“Self-service” has succeeded in establishing itself in the field of analytics with tools such as Tableau, Qlik and Spotfire, although it is often driven by user departments wanting to solve their own more local problems. So one of the challenges facing IT departments is to “capture” the tools in circulation throughout the company, to standardize them and then make them available centrally, and in particular to use them to enable power users to make their own decisions based on data.
At the same time, self-service is also becoming more and more important when it comes to data preparation, because the expertise for this is also to be found in the user departments. The challenge of finding a professional self-service tool for user departments to prepare their data with is address by solutions such as “Talend Data Preparation”. In the end, it is data quality which benefits most from this.
4. Analytics for the masses – wishes and reality
Studies show that 75% of knowledge staff are not interested in working with an analytics tool and are thus defying manufacturers’ advertising efforts. The notional separation between software which is used regularly (like a CRM system) and analysis programs actually impedes the use of data! Analyses are created by power users and not by regular business users.
One remedy for this data divide is promised by “embedded Business Intelligence”. This is all about embedding analysis artefacts in the user’s programmes so that they are addressed automatically - whether in the form of simple charts or as easy to use self-services which are prepared for each different application case and context.
5. Culture and qualifications
It is essential to have the right sort of company structure for data-driven analyses and decision-making processes to work. If this is interpreted as a way to disempower decision-makers or if political factors dominate, then it will never be possible to establish this approach sustainably across the board. That is why it is important for management to set an example with their commitment to this new paradigm and show they expect everyone else to commit to it as well. In this context, the decision-maker must have the appropriate skills and a full understanding of the decision-making situation as well as having the actual data and knowing what analysing it can achieve. Of course, not all staff have to become full time “data scientists”. But these days, knowledge workers already have to take up this role occasionally – and have to rely on appropriate support from within the company when necessary.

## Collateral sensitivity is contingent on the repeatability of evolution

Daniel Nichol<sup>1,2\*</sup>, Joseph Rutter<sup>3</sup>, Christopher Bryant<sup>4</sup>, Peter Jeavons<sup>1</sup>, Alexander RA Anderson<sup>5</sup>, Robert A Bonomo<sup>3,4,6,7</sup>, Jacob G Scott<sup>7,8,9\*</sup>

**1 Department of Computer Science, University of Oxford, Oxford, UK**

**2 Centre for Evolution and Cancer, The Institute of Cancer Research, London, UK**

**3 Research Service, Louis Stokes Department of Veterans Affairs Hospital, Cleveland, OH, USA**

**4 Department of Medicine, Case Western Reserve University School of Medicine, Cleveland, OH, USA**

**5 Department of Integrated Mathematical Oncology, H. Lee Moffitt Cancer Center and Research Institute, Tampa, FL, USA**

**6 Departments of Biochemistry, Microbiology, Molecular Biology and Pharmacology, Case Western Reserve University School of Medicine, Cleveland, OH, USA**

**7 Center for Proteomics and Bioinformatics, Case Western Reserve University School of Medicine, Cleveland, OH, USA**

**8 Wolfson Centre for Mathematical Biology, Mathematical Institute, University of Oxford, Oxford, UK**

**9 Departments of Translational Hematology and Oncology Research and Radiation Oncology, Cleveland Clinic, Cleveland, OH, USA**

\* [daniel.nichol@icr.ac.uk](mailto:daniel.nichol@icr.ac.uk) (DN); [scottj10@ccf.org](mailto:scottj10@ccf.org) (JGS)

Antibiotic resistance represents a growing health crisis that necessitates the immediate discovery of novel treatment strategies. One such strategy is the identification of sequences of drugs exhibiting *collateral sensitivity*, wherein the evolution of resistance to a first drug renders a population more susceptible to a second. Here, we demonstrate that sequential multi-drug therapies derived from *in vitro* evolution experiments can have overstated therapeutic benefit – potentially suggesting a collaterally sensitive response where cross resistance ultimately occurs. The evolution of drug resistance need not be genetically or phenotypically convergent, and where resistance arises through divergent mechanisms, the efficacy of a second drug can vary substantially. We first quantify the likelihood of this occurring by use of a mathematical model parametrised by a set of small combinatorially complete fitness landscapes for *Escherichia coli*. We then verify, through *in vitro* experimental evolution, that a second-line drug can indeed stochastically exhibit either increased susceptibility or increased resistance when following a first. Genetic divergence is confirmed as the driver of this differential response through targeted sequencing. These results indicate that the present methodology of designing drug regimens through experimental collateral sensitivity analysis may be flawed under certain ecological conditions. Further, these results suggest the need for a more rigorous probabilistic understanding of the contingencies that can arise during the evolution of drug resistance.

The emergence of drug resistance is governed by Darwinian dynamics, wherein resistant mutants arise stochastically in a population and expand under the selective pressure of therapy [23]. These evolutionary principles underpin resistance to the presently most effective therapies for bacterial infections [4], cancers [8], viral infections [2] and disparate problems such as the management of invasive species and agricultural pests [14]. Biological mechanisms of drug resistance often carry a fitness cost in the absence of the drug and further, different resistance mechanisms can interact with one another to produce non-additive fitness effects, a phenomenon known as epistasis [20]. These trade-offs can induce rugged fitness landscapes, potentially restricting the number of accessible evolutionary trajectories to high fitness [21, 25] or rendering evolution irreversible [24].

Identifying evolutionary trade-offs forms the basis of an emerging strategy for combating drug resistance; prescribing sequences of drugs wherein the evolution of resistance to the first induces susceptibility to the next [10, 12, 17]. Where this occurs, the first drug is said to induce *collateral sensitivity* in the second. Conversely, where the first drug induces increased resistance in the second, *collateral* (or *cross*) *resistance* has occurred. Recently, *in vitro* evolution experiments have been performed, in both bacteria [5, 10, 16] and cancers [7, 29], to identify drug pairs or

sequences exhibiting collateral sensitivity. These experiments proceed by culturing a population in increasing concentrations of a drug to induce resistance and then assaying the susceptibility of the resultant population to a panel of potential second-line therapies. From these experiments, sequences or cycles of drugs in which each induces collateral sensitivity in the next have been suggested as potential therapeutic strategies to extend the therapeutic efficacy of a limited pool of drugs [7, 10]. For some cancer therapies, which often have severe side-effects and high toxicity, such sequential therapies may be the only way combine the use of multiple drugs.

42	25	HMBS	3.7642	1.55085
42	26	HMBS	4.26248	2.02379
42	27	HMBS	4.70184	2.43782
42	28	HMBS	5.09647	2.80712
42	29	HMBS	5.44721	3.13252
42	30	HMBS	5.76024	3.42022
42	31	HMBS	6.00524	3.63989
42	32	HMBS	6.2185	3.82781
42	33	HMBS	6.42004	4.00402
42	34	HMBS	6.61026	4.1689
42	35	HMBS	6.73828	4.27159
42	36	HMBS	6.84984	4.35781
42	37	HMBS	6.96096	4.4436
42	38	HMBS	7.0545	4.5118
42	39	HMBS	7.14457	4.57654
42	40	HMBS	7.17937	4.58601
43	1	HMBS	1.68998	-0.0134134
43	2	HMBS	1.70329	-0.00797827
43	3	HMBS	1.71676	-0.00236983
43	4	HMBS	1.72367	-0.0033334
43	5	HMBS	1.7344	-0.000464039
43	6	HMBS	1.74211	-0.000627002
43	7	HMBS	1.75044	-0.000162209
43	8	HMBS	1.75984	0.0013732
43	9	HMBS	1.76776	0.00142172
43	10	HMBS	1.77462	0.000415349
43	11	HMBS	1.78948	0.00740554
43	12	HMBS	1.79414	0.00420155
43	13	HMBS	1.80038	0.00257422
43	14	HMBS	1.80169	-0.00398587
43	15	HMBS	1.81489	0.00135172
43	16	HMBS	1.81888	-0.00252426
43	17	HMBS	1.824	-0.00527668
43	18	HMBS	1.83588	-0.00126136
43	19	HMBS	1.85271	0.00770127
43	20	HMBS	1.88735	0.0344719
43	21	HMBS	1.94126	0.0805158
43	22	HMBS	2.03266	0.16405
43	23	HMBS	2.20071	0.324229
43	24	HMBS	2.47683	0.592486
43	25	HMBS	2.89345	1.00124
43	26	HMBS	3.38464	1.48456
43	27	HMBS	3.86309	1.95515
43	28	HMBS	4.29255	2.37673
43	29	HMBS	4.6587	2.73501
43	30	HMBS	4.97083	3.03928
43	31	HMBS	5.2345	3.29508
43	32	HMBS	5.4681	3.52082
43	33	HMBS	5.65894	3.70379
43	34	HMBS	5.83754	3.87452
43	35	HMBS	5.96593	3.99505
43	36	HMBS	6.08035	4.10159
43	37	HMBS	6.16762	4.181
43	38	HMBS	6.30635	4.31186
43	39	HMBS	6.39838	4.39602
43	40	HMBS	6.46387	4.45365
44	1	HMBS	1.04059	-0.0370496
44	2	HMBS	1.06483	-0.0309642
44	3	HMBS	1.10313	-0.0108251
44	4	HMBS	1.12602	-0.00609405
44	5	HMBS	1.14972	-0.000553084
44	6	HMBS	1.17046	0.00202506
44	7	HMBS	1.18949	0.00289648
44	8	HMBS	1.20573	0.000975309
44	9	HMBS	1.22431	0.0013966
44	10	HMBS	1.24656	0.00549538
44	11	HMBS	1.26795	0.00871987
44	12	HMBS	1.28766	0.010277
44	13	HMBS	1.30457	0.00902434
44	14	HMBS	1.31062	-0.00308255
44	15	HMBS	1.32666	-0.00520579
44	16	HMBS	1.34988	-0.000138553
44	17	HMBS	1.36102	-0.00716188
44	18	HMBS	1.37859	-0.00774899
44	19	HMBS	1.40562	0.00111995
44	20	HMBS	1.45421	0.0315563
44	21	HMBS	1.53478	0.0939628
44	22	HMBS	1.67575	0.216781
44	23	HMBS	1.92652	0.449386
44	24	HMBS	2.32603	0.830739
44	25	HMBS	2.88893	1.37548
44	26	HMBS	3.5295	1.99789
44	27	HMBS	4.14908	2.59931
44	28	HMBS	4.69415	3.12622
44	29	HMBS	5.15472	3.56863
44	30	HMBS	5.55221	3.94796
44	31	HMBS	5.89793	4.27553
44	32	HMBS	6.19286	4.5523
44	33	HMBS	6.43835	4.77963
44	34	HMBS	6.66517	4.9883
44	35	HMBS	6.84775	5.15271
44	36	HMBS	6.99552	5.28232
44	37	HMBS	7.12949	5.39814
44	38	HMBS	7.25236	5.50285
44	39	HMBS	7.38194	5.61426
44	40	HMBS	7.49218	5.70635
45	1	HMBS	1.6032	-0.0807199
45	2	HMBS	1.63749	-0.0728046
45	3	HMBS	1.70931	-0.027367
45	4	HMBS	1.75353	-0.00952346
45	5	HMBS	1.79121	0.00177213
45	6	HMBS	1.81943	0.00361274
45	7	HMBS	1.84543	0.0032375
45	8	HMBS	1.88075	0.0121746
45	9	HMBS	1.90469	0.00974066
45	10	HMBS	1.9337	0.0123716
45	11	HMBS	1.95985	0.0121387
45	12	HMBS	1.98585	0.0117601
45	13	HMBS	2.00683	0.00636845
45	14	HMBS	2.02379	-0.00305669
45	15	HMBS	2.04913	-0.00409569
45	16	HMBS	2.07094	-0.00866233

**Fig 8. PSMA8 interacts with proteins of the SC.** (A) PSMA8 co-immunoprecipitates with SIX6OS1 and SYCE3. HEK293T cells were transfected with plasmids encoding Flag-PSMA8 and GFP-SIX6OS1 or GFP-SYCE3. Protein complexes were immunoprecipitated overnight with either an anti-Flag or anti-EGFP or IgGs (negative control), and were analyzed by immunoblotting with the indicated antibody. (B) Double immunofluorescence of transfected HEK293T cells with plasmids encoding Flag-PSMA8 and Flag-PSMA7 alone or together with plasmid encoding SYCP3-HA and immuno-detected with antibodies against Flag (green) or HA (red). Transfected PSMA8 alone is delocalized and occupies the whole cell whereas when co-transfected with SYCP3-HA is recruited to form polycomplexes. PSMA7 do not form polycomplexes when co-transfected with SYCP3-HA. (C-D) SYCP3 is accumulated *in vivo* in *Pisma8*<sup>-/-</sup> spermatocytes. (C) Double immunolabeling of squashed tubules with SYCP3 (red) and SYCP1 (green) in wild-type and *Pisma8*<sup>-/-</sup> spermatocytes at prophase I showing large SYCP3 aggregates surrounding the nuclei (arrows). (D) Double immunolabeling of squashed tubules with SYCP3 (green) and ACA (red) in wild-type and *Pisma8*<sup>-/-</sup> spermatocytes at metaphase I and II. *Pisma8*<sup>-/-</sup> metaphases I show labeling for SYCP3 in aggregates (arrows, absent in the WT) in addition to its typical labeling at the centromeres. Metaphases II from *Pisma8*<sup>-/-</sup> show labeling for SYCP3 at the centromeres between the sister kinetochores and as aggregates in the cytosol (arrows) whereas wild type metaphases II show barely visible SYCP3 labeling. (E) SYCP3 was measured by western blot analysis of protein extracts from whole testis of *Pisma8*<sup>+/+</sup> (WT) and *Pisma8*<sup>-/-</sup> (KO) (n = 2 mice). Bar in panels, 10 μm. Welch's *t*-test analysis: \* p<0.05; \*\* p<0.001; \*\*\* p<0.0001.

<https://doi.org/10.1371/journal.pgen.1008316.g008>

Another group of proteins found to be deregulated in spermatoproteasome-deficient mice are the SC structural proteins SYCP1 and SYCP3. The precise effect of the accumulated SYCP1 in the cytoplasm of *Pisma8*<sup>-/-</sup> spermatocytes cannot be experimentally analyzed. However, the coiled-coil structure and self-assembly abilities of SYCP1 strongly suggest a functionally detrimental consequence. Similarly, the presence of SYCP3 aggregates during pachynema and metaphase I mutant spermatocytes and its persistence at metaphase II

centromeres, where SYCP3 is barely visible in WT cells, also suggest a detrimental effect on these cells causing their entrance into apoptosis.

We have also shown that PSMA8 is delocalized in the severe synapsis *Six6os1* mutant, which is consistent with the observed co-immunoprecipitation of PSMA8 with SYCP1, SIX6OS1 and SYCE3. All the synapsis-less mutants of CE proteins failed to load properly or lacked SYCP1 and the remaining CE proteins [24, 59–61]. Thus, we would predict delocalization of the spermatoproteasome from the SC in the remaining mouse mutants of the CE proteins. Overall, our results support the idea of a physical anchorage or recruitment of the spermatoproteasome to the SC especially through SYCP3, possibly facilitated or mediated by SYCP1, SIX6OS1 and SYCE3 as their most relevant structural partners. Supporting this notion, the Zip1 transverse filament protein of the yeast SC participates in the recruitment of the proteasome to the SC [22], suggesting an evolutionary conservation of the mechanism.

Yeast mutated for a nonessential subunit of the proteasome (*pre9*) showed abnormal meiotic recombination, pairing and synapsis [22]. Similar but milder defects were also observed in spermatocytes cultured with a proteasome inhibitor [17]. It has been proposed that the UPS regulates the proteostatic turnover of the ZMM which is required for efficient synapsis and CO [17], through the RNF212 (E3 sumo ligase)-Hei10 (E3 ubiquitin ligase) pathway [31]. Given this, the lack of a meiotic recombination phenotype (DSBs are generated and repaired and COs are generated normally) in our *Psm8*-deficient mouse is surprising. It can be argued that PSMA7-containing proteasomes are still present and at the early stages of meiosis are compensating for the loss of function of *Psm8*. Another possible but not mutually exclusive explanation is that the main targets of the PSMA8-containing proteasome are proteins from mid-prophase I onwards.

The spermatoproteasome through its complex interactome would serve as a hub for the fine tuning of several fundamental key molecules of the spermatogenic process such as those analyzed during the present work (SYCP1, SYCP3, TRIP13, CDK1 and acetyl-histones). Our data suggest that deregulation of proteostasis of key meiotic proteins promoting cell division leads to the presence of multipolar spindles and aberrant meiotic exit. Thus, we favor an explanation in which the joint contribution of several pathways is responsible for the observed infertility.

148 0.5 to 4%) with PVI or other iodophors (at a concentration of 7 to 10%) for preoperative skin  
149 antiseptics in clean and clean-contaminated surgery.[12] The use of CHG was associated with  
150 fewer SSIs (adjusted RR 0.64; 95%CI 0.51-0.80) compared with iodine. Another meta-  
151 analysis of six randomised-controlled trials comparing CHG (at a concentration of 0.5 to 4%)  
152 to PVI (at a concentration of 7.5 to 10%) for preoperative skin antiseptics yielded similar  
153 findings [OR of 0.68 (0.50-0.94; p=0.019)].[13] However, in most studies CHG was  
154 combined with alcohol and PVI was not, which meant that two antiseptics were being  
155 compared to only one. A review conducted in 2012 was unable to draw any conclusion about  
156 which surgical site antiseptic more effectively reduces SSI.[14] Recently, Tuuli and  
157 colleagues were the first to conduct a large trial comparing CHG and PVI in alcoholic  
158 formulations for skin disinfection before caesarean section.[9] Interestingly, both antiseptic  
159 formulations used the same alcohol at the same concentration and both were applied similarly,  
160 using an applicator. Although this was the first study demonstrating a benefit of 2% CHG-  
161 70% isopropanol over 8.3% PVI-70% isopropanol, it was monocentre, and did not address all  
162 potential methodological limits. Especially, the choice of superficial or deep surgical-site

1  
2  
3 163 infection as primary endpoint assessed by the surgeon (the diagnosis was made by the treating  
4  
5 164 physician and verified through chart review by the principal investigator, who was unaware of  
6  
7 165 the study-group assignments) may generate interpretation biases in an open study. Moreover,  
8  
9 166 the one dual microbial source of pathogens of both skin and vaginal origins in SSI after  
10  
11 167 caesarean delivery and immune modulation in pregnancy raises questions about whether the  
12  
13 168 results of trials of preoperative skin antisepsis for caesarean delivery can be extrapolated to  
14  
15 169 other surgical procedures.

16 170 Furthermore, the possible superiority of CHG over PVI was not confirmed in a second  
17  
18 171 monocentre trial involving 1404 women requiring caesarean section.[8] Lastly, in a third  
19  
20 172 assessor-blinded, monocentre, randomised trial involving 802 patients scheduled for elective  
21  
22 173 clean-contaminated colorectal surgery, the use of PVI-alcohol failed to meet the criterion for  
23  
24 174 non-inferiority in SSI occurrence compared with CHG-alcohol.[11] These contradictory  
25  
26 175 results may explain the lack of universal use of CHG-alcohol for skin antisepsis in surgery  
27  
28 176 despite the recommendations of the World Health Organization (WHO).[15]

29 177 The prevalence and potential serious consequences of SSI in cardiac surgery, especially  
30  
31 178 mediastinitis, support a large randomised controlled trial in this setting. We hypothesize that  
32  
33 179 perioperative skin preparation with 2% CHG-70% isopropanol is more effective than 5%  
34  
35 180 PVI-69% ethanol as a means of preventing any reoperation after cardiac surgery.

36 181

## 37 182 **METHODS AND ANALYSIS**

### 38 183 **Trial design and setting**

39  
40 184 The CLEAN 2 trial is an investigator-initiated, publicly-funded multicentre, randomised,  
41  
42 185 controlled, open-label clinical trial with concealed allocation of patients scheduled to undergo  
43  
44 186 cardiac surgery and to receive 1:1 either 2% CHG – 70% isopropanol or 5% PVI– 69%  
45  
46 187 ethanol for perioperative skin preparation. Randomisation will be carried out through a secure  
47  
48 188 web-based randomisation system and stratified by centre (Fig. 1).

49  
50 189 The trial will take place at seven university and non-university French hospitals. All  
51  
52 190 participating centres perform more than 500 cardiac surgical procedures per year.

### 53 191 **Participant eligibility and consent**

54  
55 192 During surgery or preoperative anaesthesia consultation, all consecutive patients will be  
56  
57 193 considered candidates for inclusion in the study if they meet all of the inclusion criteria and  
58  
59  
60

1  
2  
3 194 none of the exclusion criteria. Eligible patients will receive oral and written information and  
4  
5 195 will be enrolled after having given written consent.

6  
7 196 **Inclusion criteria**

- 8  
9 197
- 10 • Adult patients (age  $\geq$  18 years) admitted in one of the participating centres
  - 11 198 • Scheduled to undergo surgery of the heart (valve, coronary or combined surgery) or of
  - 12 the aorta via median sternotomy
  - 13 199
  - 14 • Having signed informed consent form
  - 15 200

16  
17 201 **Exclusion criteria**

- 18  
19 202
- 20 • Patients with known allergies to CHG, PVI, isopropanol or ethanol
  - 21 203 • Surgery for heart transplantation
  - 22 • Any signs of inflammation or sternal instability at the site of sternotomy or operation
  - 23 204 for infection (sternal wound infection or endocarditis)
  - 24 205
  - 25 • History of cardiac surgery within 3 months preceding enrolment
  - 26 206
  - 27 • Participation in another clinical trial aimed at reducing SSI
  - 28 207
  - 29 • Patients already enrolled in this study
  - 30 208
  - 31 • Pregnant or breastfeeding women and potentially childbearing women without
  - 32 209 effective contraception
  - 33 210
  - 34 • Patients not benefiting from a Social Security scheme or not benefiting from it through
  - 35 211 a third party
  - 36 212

While big data is more prevalent in the enterprise than ever, there is a lot of potential for using data more effectively. Modern technology can pay a significant contribution towards this. The Talend Platform specifically addresses a large number of the problems outlined here, including data integration with big data, data quality, master data management and self-service for data preparation.
However, the technology aspect should never mean the significance of the company culture and staff training gets forgotten. In the end, sustainable analytics success can only be achieved with an all-encompassing approach in the business. Data-driven companies like GE, Coca-Cola, Uber and Air France are leading the way and are now piling the pressure onto the competition. Ultimately, this development is going to impact all sectors and certainly all small and medium sized companies.
About the author Dr. Gero Presser
Dr. Gero Presser is a co-founder and managing partner of Quinscape GmbH in Dortmund. Quinscape has positioned itself on the German market as a leading system integrator for the Talend, Jaspersoft/Spotfire, Kony and Intrexx platforms and, with their 100 members of staff, they take care of renowned customers including SMEs, large corporations and the public sector.
Gero Presser did his doctorate in decision-making theory in the field of artificial intelligence and at Quinscape he is responsible for setting up the business field of Business Intelligence with a focus on analytics and integration.